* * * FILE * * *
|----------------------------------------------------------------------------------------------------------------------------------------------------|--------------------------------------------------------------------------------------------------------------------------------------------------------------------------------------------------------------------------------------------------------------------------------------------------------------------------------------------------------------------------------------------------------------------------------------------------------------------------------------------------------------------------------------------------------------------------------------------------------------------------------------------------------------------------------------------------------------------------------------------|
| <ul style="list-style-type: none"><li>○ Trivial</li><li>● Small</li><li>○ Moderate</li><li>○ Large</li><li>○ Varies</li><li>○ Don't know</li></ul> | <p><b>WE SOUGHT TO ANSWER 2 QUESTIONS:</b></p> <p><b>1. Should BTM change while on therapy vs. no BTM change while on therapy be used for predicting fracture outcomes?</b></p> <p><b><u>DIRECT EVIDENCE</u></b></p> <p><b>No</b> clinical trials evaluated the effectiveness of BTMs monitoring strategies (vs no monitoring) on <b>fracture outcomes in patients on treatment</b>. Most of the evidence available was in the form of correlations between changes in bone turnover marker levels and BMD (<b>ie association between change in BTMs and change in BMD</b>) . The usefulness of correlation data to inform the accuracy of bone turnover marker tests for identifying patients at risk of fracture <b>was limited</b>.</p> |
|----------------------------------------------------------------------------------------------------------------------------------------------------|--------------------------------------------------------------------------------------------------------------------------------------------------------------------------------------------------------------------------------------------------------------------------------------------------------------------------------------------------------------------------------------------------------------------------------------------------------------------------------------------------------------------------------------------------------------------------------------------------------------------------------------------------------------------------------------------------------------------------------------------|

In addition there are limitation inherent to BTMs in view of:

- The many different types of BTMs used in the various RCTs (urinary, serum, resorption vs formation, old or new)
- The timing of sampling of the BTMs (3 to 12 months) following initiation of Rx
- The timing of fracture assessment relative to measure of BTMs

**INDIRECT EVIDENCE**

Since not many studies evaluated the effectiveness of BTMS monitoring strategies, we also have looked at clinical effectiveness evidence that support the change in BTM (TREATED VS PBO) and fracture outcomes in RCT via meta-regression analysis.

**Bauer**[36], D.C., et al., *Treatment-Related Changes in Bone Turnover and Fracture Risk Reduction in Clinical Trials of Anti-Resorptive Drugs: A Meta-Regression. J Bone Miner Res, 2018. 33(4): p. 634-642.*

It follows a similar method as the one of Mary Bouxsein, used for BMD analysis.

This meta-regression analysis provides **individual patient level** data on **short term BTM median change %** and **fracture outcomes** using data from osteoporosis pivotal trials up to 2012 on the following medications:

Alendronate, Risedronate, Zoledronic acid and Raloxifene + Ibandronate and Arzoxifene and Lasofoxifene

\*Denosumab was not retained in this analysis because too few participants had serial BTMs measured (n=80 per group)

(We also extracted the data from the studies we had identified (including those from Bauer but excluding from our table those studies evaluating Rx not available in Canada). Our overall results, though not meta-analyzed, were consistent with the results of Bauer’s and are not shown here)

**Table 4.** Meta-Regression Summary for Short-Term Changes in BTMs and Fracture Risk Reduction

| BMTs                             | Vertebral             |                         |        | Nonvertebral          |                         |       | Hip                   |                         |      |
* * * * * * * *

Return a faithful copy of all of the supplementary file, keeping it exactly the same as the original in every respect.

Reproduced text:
|----------------------------------------------------------------------------------------------------------------------------------------------------|--------------------------------------------------------------------------------------------------------------------------------------------------------------------------------------------------------------------------------------------------------------------------------------------------------------------------------------------------------------------------------------------------------------------------------------------------------------------------------------------------------------------------------------------------------------------------------------------------------------------------------------------------------------------------------------------------------------------------------------------|
| <ul style="list-style-type: none"><li>○ Trivial</li><li>● Small</li><li>○ Moderate</li><li>○ Large</li><li>○ Varies</li><li>○ Don't know</li></ul> | <p><b>WE SOUGHT TO ANSWER 2 QUESTIONS:</b></p> <p><b>1. Should BTM change while on therapy vs. no BTM change while on therapy be used for predicting fracture outcomes?</b></p> <p><b><u>DIRECT EVIDENCE</u></b></p> <p><b>No</b> clinical trials evaluated the effectiveness of BTMs monitoring strategies (vs no monitoring) on <b>fracture outcomes in patients on treatment</b>. Most of the evidence available was in the form of correlations between changes in bone turnover marker levels and BMD (<b>ie association between change in BTMs and change in BMD</b>) . The usefulness of correlation data to inform the accuracy of bone turnover marker tests for identifying patients at risk of fracture <b>was limited</b>.</p> |
|----------------------------------------------------------------------------------------------------------------------------------------------------|--------------------------------------------------------------------------------------------------------------------------------------------------------------------------------------------------------------------------------------------------------------------------------------------------------------------------------------------------------------------------------------------------------------------------------------------------------------------------------------------------------------------------------------------------------------------------------------------------------------------------------------------------------------------------------------------------------------------------------------------|

In addition there are limitation inherent to BTMs in view of:

- The many different types of BTMs used in the various RCTs (urinary, serum, resorption vs formation, old or new)
- The timing of sampling of the BTMs (3 to 12 months) following initiation of Rx
- The timing of fracture assessment relative to measure of BTMs

**INDIRECT EVIDENCE**

Since not many studies evaluated the effectiveness of BTMS monitoring strategies, we also have looked at clinical effectiveness evidence that support the change in BTM (TREATED VS PBO) and fracture outcomes in RCT via meta-regression analysis.

**Bauer**[36], D.C., et al., *Treatment-Related Changes in Bone Turnover and Fracture Risk Reduction in Clinical Trials of Anti-Resorptive Drugs: A Meta-Regression. J Bone Miner Res, 2018. 33(4): p. 634-642.*

It follows a similar method as the one of Mary Bouxsein, used for BMD analysis.

This meta-regression analysis provides **individual patient level** data on **short term BTM median change %** and **fracture outcomes** using data from osteoporosis pivotal trials up to 2012 on the following medications:

Alendronate, Risedronate, Zoledronic acid and Raloxifene + Ibandronate and Arzoxifene and Lasofoxifene

\*Denosumab was not retained in this analysis because too few participants had serial BTMs measured (n=80 per group)

(We also extracted the data from the studies we had identified (including those from Bauer but excluding from our table those studies evaluating Rx not available in Canada). Our overall results, though not meta-analyzed, were consistent with the results of Bauer’s and are not shown here)

**Table 4.** Meta-Regression Summary for Short-Term Changes in BTMs and Fracture Risk Reduction

| BMTs                             | Vertebral             |                         |        | Nonvertebral          |                         |       | Hip                   |                         |      |